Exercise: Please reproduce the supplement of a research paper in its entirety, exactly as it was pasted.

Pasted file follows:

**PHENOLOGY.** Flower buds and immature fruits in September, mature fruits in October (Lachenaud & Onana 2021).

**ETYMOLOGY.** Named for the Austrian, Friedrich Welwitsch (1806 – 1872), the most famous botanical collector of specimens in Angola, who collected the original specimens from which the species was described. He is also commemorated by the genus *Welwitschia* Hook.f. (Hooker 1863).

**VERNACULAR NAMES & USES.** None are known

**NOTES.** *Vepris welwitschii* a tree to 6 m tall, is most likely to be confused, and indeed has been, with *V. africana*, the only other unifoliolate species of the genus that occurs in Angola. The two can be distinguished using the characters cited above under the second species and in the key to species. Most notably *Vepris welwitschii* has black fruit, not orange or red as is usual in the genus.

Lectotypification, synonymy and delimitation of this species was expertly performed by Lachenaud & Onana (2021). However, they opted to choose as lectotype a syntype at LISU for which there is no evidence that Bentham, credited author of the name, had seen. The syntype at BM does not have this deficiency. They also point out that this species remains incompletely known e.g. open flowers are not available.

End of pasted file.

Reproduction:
**PHENOLOGY.** Flower buds and immature fruits in September, mature fruits in October (Lachenaud & Onana 2021).

**ETYMOLOGY.** Named for the Austrian, Friedrich Welwitsch (1806 – 1872), the most famous botanical collector of specimens in Angola, who collected the original specimens from which the species was described. He is also commemorated by the genus *Welwitschia* Hook.f. (Hooker 1863).

**VERNACULAR NAMES & USES.** None are known

**NOTES.** *Vepris welwitschii* a tree to 6 m tall, is most likely to be confused, and indeed has been, with *V. africana*, the only other unifoliolate species of the genus that occurs in Angola. The two can be distinguished using the characters cited above under the second species and in the key to species. Most notably *Vepris welwitschii* has black fruit, not orange or red as is usual in the genus.

Lectotypification, synonymy and delimitation of this species was expertly performed by Lachenaud & Onana (2021). However, they opted to choose as lectotype a syntype at LISU for which there is no evidence that Bentham, credited author of the name, had seen. The syntype at BM does not have this deficiency. They also point out that this species remains incompletely known e.g. open flowers are not available.